- Major Studies
Nearly all IT projects require some sort of procurement, whether it is for hardware, software, or services. Therefore, IT project managers need to understand the major element of IT procurement contracts, as outlined in this post.
This Research Byte is a summary of our full report, How to Evaluate IT Procurement Contracts.
IT managers make two common mistakes in regards to contracts. First, they often treat contracts as legal matters only and delegate contract review to corporate legal counsel. Although legal review is essential, lawyers often do not have the technical or operational background to evaluate IT contracts from a business perspective. A lawyer may not anticipate what could go wrong in a software implementation, nor might he or she think to recommend a clause specifying, for example, the buyer's right to request a change in the vendor's personnel at no charge within an initial time period. Procurement contracts are too important to delegate to the legal department alone. Instead, read through every contract from a business perspective first, and then route the contract through the legal department for final review.
Second, IT managers are often too conservative in their approach to requesting changes to contract language. Vendors of IT products and services generally have their own boilerplate agreements, which they present to buyers as their "standard contract." Many project managers assume that such contracts are not easily modified. This is a mistake. Such boilerplate language almost always favors the seller, and any contract is an agreement between two parties. The buyer has as much right to suggest language for the agreement as the seller does. Never assume that contract language is cast in stone.
Please note that the information provided in this report is not to be construed as legal advice. Each procurement contract requires legal advice from a competent lawyer to ensure that it is appropriate for the buyer's situation.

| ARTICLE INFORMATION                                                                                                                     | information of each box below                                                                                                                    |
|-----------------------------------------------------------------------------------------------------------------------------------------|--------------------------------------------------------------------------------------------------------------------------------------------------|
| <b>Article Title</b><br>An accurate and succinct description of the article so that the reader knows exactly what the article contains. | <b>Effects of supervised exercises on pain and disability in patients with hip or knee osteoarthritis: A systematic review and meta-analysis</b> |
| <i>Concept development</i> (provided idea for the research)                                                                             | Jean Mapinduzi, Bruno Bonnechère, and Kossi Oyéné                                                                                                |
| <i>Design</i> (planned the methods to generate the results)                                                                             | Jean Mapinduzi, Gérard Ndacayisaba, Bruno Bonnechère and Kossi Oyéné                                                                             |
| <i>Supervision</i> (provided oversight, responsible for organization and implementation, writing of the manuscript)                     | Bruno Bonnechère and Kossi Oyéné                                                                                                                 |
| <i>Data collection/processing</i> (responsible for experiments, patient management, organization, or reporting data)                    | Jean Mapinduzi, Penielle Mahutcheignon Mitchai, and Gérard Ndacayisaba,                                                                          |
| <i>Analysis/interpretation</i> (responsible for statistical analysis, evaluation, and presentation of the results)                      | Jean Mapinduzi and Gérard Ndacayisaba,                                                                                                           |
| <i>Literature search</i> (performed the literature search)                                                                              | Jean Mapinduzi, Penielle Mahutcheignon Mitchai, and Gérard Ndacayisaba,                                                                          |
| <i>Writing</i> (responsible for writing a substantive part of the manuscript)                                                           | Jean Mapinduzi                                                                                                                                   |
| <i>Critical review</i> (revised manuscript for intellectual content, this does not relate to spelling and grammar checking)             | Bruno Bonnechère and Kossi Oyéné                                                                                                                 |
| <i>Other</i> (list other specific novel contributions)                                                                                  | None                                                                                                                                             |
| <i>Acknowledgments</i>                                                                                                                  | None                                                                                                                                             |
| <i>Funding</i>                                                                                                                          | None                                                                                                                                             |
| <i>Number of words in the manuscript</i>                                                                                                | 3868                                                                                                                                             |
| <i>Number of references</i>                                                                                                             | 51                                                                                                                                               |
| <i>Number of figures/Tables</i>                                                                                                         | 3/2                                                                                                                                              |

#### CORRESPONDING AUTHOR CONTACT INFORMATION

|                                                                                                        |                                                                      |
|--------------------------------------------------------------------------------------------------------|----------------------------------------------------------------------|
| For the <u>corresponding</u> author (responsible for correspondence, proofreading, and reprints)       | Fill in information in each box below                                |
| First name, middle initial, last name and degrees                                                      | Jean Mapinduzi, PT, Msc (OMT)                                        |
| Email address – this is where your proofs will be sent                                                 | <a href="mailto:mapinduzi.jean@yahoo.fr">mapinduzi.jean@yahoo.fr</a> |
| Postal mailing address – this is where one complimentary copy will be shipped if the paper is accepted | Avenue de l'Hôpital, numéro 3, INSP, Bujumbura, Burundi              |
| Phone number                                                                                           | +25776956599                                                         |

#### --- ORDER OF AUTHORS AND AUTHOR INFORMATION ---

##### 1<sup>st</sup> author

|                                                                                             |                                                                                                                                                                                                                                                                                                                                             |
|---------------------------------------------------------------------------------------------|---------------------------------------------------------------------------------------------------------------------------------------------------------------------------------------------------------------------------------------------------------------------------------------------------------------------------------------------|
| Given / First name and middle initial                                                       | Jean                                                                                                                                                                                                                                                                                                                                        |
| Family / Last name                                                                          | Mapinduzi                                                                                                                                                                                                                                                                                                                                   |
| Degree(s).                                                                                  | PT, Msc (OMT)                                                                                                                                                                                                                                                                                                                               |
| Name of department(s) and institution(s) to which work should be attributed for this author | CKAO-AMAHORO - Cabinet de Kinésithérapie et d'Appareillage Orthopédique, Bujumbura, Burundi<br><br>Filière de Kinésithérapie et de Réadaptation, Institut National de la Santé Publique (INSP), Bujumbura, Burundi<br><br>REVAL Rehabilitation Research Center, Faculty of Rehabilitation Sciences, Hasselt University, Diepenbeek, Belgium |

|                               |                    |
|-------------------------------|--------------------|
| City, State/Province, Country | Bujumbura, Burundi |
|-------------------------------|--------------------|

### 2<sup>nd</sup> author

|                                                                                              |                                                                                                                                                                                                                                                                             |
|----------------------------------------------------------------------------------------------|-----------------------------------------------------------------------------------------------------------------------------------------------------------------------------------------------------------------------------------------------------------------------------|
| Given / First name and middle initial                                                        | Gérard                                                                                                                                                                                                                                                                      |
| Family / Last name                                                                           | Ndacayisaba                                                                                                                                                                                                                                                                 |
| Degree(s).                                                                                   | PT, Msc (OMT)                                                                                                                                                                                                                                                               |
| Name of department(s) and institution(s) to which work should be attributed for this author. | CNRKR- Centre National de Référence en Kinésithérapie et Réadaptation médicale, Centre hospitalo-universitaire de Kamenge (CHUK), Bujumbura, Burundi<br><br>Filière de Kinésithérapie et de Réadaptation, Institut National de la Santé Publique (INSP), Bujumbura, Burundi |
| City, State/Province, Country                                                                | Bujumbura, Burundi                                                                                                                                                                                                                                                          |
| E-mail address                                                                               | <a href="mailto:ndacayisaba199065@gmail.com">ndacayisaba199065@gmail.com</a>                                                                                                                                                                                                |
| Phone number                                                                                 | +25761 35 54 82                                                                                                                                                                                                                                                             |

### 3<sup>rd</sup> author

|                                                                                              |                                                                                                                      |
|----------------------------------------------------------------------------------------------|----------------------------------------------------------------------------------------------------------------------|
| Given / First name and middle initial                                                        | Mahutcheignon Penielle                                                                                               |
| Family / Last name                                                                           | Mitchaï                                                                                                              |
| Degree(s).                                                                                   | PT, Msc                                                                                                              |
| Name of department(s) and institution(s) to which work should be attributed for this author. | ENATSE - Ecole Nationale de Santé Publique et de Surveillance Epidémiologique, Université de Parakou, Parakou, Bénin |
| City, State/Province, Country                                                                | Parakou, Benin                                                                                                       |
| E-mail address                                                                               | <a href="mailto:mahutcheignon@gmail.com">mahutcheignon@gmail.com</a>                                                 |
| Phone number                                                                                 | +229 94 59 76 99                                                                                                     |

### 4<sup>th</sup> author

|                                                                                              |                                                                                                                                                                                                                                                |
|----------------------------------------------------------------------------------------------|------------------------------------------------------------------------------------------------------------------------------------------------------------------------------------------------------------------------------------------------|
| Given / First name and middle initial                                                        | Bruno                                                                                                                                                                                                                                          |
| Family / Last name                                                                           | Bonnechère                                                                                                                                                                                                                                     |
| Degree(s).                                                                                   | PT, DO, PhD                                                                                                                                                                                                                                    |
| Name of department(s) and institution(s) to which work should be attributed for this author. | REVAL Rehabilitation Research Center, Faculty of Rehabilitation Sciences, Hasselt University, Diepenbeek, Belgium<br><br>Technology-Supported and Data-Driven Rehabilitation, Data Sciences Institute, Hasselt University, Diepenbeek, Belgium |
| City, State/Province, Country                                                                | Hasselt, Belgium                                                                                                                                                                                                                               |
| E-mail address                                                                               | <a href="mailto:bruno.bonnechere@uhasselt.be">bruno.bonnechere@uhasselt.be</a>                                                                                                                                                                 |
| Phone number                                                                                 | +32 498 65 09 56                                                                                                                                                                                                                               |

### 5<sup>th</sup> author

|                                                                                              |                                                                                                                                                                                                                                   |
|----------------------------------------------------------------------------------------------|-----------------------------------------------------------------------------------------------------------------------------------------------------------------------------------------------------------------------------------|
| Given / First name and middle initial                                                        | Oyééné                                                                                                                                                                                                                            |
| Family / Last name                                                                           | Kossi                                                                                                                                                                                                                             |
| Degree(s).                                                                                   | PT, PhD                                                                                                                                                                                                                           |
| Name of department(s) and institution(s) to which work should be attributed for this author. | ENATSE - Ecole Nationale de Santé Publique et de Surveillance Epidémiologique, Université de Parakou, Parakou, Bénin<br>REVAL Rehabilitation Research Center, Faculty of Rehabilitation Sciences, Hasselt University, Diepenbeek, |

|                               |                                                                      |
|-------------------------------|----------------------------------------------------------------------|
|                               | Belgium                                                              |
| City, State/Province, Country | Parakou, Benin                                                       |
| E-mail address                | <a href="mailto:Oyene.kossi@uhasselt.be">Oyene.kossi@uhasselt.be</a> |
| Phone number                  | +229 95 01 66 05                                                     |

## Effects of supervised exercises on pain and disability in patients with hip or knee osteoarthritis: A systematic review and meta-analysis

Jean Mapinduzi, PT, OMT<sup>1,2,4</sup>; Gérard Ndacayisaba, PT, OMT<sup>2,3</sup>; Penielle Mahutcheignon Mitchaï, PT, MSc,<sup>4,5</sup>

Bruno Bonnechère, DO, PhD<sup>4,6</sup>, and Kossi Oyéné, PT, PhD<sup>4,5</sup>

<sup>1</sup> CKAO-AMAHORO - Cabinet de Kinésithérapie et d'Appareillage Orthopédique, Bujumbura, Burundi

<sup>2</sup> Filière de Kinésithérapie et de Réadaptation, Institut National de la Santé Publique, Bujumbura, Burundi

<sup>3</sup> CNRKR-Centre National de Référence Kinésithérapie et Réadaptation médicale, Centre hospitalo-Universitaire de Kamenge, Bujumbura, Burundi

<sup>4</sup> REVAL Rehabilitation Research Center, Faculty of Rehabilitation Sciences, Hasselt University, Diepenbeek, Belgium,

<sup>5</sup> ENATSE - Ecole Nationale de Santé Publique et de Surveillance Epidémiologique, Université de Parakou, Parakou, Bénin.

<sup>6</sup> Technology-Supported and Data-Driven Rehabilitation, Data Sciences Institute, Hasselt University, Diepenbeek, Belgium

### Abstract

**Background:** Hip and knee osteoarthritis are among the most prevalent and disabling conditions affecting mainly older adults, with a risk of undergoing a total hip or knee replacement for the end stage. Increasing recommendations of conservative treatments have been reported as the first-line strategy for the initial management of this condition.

Typical Contract Elements
Understanding procurement contracts begins with a knowledge of what such contracts have in common. The Uniform Commercial Code (UCC), created in 1951, established eleven articles that all US states (except Louisiana) follow. (Since Louisiana's legal code is based on civil law and not common law, the state has elected to only follow some of the UCC articles.) All commercial procurements are subject to UCC code--except for government contracts, which fall under the Federal Acquisition Regulation (FAR) rules. Figure 1 shows the major sections that generally exist in all contracts. These sections may not appear in the same sequence in all contracts, or they may appear under different headings than those shown, but they generally appear in most procurement agreements.
Let us review each of these main sections.
The full version of this report provides an overview of the essential elements of IT procurement contracts, the main contract types, and recommendations for choosing the best contract for specific project procurements. It serves as a primer on IT procurement contracts. Our focus is primarily on contracts for IT services, though the principles apply to any type of IT procurement. (An explanation of software licensing agreements, however, is well beyond the scope of this article.) We explain the typical elements of an IT procurement contract and the major types of contracts, including various types of fixed-price and cost-reimbursable agreements. We then provide guidelines for choosing the right type of contract based on characteristics of the procurement or project. We conclude with a checklist that can be used to review proposed contracts.
Lynn Drury, senior project manager at our sister management consulting firm, Strativa, contributed to this report, in collaboration with Frank Scavo. Drury is a Project Management Professional (PMP) certified by the Project Management Institute (PMI). She is also an instructor in project management at the University of California, Irvine.
This Research Byte is a brief overview of our report on this subject, How to Evaluate IT Procurement Contracts. The full report is available at no charge for Computer Economics clients, or it may be purchased by non-clients directly from our website at https://www.computereconomics.com/article.cfm?id=1402 (click for pricing).